I've now had a lot more experience with the iPad. I continue to thoroughly enjoy using it. However, I'm going through a similar experience that I went through (and blogged about here) with my iPhone initially. The experience is one of thinking that certain things just don't work only to learn later that there was a hidden user interface feature to carry out some action that the user had no way of knowing about. I had concluded that certain websites were simply not enabled for the iPad and I thought it weird that they hadn't done anything about the problems given the popularity of the iPad. For example, several parts of Facebook simply didn't work such as the list of friends. The problem was scrolling the list of friends. When I tried to swipe down on the list, the way you scroll down everywhere else on the device, the page would move slightly but the pop-up layer would move with it but the list of friends would stay put. Regular users of MacBooks would have a clue as to what to try to get this type of list to scroll but everyone else is left in the dark. I asked a number of other people about this and nobody that I found knew a way of scrolling lists like the ones on Facebook and we just assumed the site was not appropriately enabled for the iPad.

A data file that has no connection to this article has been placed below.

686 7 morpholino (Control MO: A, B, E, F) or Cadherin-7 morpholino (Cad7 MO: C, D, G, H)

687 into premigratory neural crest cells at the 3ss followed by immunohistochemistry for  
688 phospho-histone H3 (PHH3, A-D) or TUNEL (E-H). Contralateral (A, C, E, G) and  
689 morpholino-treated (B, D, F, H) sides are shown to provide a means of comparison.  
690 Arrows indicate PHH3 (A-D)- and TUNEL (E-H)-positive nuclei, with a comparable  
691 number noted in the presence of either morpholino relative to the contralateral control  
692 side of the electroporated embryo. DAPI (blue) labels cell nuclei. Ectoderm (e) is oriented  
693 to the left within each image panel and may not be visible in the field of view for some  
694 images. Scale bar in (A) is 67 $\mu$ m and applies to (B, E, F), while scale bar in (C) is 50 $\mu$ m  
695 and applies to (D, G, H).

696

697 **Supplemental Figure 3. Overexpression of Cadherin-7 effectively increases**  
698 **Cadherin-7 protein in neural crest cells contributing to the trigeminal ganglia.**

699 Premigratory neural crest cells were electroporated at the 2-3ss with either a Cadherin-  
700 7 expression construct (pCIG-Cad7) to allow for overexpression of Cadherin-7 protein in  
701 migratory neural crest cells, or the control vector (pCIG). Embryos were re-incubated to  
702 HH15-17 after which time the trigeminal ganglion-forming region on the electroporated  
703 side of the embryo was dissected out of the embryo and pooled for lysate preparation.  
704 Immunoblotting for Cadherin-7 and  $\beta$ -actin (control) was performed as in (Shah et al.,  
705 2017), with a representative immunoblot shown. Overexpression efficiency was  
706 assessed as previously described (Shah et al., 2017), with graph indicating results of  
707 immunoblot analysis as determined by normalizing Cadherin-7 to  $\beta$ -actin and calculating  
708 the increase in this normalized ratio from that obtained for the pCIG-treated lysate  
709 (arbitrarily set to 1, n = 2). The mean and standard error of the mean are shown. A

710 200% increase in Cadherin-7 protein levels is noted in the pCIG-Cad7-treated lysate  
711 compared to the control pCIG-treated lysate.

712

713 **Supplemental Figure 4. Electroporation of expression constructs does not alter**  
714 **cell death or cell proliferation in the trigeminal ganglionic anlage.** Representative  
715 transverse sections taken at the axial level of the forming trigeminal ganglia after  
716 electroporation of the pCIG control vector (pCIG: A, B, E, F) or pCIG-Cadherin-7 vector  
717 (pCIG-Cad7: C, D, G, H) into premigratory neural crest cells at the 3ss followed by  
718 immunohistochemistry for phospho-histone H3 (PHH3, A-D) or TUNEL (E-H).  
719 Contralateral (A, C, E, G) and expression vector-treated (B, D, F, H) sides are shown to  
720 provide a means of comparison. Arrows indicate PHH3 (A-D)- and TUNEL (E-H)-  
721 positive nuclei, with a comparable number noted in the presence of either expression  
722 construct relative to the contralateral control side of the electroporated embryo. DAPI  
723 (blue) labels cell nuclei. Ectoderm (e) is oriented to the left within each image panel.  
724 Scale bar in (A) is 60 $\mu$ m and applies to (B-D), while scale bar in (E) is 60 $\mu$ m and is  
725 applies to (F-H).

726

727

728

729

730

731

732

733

It was colleague of mine that finally clued me into the solution - the two finger swipe. I just tried it tonight and it worked! While I'm glad that I now know how to do something that is pretty basic on the iPad, it got me thinking about Apple's overall strategy of designing without affordances. The overall assumption is that the various touch actions are intuitive and, as a result, it is so much more efficient to not clutter screens with affordances like scroll bars. To Apple's credit, most of the touch actions are intuitive. However, the problem is the set of touch actions that are not intuitive and how users are supposed to find out about them. I admire Apple's commitment to its design principles for virtually all other aspects of the design of this device but that purity of adherence to the principles does have its costs and this is one of them.